My Review of The Black Orchestra a WW2 spy thriller by JJ Toner #RBRT #TuesdayBookBlog

black orchester

 

As a member of Rosie Amber’s Review Team #RBRT I was given The Black Orchestra by the author in return for an honest review.

 I gave The Black Orchestra 3* out of 5*.

Book Description:

WW2 Germany. The German war machine has invaded Poland and is advancing west toward France. In Berlin Kurt Muller, an Abwehr signalman, discovers a colleague lying dead at his radio receiver. The criminal police dismiss the death as suicide, but Kurt is not convinced. Kurt follows a trail of mysteries, witnessing several atrocities that expose the Nazi regime for what it truly is. When the trail leads him to the German resistance, he faces the most difficult choices of his life. He must choose between his duty and his conscience, between his country and his family, between love and death.

My Review:

I have to say I struggled with this book and it took a long time to read, mainly because the beginning is convoluted and littered with so many characters that each time  I picked it up again, I needed to go back to see who was who, what rank they held and  and where they fitted into the Nazi regime.

However, around three quarters through, the book became easier to read and was interesting.

After reading the first part of the book, and to be fair to the author,  I knew I needed to make notes on what was working for me and what didn’t. (it’s the first time I’ve done this) So here are my thoughts:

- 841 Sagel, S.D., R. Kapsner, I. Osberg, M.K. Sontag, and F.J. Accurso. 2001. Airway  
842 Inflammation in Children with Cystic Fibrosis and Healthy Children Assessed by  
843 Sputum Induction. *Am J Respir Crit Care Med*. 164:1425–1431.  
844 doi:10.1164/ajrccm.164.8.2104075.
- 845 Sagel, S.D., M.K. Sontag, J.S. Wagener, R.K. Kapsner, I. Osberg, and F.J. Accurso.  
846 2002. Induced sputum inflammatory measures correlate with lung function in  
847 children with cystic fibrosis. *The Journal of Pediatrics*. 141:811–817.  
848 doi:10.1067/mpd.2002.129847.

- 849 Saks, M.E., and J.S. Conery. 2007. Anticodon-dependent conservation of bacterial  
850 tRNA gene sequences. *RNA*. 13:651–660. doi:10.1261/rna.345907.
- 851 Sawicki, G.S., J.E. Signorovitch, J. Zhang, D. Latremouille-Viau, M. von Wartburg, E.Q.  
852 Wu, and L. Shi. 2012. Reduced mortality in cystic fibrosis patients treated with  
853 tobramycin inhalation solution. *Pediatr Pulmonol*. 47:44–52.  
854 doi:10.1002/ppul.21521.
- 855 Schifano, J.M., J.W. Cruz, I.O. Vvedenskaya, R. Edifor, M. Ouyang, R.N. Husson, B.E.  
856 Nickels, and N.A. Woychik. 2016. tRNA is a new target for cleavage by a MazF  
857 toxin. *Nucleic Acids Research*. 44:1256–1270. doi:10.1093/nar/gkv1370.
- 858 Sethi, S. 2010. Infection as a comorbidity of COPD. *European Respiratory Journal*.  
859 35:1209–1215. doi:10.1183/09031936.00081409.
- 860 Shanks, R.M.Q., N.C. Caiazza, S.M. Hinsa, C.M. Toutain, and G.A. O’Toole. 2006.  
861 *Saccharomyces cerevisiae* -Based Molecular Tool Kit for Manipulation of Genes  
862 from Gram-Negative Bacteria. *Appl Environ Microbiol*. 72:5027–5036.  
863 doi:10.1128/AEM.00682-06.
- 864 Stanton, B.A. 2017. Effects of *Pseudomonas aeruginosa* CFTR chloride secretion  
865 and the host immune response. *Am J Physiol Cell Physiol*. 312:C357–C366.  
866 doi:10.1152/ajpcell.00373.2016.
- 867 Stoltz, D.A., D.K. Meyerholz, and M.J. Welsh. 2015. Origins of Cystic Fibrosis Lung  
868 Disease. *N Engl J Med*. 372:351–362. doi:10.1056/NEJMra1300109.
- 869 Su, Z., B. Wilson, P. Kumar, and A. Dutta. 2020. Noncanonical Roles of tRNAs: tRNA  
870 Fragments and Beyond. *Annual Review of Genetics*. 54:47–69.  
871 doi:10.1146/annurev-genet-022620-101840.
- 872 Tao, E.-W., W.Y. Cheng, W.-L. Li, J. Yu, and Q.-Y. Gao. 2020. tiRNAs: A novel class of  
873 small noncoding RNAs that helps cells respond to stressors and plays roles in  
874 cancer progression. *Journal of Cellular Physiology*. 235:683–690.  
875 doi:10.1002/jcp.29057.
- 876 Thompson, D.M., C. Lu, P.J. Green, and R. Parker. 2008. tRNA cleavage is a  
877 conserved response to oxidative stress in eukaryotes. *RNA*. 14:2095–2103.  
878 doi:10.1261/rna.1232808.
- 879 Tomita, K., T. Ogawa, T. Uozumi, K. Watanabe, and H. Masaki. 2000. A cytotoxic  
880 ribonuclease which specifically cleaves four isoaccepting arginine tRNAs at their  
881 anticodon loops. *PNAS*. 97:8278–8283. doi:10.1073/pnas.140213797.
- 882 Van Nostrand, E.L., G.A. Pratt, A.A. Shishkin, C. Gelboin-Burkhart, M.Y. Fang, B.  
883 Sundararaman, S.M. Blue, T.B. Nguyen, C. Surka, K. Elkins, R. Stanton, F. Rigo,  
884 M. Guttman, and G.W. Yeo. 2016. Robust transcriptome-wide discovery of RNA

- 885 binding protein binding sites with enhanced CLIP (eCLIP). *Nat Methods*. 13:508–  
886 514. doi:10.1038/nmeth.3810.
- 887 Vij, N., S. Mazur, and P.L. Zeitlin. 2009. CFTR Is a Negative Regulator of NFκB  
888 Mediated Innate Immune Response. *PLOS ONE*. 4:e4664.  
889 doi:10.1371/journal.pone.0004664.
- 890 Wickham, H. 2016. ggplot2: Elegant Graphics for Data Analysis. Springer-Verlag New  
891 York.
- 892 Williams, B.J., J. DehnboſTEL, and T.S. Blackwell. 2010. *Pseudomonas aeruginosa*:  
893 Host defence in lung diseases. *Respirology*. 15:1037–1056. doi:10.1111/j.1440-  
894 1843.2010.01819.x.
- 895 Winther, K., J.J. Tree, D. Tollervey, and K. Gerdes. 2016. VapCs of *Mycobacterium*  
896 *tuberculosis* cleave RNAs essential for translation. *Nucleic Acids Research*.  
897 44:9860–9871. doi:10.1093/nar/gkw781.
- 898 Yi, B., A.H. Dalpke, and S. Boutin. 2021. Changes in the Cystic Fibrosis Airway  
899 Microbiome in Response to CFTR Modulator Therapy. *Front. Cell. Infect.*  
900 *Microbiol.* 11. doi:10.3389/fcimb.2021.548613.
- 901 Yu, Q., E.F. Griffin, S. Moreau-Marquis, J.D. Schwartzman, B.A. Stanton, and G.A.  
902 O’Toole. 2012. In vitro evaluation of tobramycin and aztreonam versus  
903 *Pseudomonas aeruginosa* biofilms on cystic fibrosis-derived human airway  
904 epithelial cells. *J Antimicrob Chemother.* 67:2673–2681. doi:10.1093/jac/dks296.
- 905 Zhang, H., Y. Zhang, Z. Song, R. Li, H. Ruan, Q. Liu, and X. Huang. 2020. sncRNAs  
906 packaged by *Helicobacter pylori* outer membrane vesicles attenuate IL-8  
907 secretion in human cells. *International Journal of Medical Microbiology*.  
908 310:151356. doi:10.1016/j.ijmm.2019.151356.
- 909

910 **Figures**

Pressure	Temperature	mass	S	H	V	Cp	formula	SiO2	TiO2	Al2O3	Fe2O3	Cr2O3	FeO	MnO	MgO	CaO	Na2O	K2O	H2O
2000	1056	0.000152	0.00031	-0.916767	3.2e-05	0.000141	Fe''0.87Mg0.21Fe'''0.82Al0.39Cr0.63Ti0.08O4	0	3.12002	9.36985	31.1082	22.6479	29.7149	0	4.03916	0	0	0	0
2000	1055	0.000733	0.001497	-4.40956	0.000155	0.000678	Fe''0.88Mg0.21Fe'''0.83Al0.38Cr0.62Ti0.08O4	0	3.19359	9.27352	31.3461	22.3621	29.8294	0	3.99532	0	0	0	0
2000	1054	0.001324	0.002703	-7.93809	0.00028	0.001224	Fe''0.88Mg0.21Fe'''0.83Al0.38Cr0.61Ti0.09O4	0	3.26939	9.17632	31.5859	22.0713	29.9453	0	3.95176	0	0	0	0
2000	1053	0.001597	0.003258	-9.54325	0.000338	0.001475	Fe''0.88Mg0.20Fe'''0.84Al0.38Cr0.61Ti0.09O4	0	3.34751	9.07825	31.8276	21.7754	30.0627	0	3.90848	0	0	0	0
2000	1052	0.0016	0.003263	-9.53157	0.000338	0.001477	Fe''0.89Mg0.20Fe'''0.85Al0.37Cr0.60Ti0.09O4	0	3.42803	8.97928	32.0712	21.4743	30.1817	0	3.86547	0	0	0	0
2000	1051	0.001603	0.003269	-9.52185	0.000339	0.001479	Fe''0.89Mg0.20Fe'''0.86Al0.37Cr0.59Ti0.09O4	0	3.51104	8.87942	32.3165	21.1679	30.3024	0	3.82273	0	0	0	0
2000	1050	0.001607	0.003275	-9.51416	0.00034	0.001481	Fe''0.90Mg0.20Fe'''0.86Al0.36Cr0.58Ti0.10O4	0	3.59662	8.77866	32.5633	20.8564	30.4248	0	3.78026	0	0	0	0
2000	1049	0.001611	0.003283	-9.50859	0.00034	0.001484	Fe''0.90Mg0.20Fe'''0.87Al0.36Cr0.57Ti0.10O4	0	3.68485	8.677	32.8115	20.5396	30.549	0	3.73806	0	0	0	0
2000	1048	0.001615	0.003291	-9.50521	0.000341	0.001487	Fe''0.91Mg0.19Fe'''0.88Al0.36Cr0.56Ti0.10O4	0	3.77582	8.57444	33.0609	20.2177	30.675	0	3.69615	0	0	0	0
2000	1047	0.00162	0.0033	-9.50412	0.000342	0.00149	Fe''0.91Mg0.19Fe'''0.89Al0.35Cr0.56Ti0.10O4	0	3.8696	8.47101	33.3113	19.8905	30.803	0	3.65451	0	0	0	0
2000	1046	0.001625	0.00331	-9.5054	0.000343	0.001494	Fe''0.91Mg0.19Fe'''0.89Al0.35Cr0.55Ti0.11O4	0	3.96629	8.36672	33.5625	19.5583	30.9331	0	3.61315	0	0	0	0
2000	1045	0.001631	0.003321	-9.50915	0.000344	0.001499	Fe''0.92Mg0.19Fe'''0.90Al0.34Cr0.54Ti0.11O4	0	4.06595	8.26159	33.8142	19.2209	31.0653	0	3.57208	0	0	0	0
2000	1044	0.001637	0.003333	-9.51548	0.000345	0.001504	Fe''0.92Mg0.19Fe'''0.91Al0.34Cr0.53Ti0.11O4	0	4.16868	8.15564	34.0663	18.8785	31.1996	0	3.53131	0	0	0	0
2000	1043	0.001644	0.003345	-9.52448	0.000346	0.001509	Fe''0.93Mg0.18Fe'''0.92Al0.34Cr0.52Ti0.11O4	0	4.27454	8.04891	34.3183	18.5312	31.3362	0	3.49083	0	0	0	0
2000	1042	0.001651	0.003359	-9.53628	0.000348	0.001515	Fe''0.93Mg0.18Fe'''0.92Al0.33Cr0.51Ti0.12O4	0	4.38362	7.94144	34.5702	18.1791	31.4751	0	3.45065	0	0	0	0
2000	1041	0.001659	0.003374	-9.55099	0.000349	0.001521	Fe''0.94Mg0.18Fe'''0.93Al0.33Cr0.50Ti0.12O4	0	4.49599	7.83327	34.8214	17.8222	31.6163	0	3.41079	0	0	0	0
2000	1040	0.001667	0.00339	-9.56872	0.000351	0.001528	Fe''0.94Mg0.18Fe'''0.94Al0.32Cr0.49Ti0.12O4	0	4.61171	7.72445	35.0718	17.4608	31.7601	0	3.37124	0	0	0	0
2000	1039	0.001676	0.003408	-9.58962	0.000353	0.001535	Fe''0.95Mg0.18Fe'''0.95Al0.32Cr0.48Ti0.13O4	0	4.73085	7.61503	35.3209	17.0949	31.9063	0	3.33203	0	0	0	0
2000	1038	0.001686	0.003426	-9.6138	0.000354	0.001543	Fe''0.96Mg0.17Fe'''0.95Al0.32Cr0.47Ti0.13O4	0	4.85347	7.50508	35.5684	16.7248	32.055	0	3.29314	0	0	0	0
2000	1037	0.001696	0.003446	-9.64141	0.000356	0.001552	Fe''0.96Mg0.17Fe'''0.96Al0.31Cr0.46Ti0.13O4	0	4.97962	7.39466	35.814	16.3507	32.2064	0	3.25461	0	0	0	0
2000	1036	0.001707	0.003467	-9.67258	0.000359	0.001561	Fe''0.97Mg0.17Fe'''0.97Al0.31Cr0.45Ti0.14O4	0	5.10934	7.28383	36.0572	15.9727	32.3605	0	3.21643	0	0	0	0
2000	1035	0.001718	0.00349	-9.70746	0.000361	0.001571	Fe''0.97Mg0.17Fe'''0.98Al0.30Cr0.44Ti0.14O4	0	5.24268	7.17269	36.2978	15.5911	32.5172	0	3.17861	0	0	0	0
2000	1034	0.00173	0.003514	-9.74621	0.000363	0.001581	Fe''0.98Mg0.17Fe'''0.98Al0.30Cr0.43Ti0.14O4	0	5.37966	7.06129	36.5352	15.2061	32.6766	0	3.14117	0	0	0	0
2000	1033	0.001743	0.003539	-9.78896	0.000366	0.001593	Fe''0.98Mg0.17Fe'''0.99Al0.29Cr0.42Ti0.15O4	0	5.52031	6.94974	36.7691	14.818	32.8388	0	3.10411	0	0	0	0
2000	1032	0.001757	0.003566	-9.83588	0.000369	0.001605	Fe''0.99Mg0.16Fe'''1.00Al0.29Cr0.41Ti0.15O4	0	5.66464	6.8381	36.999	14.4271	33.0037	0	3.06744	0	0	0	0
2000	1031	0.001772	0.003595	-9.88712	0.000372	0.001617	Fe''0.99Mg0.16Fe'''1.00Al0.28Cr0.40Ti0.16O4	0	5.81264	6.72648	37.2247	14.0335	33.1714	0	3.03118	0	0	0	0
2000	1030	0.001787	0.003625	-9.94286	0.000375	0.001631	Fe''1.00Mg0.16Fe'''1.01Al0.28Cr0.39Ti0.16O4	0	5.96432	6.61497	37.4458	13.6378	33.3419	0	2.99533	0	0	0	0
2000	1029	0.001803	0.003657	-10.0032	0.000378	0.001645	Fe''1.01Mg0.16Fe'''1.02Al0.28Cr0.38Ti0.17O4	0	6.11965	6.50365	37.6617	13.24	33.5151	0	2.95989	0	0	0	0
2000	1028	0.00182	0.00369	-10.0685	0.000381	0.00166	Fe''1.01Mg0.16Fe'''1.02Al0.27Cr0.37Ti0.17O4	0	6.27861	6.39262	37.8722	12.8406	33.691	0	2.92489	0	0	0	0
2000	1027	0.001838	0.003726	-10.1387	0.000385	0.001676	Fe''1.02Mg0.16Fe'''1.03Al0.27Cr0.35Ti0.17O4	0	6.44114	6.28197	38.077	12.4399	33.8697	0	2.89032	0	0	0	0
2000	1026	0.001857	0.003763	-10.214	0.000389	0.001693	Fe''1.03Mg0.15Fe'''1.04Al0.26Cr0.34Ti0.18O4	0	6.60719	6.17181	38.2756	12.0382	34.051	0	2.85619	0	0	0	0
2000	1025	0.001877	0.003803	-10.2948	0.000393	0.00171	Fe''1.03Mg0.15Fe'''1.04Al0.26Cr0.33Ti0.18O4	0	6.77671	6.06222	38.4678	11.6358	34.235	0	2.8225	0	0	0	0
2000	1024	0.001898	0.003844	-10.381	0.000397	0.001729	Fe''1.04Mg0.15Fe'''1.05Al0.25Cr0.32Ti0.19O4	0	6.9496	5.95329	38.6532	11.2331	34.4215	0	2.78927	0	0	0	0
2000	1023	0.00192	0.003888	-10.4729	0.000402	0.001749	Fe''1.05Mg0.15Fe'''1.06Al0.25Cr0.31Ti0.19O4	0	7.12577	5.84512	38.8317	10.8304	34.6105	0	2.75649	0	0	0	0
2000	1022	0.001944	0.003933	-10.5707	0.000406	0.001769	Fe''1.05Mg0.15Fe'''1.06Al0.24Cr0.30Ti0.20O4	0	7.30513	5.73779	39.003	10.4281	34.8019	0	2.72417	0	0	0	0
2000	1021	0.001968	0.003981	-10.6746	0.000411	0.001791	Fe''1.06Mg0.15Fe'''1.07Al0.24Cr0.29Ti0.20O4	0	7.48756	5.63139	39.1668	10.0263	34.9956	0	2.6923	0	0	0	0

I know little about the intricacies of the Nazi regime during WW2 so I had to take the military rankings, the way the regime worked and the historical details within the book  at face value Though some of the scenes did seem a little far fetched. 

I felt that many of the characters deserved more ‘fleshing out’ because of the part they play in the story. The protagonist, Kurt Müller, grows more rounded as the story unfolds and becomes easier to empathise with. The female characters, Gudren, Liesal and Tania are well portrayed but I felt that some of the sections they were each in could have been given more depth. The descent of  Kurt’s friend, Alex, is well written and reflects the breakdown of the society at the time. I would have liked more to be shown of the character of main antagonist, Uncle Reinhard; his function in the plot is enormous but, for me, he wasn’t layered enough.

The dialogue was more difficult to judge as, of course, it’s necessary to believe most of the characters are speaking in German. It became more realistic in the parts where the protagonist is in Ireland. I did like the passages between him and his mother; the dialogue is good and the love between them is palpable.

There is a good sense of place, both in Germany and in Ireland. The tension that is in some segments of the story is reflected in the descriptions of these backgrounds. 

The general plot-line is thought-provoking because it gives the story from the angle of Germany at that time. But quite a lot of the scenes are rushed and told rather than shown. And I felt somewhat disappointed with the denouement; it appears to be hastily written and a little unbelievable. I’m not sure if my dissatisfaction was because of the way the characters, Kurt and Gudren  were shown in this part or through the action in the story itself.

I think, overall The Black Orchestra could be viewed as a cross genre book, rather than a thriller. There is the capacity for it to be an intriguing spy novel, to fit into the historical genre and also for romantic fiction. But as it stands it seems, to me anyway, that it doesn’t quite make it in any.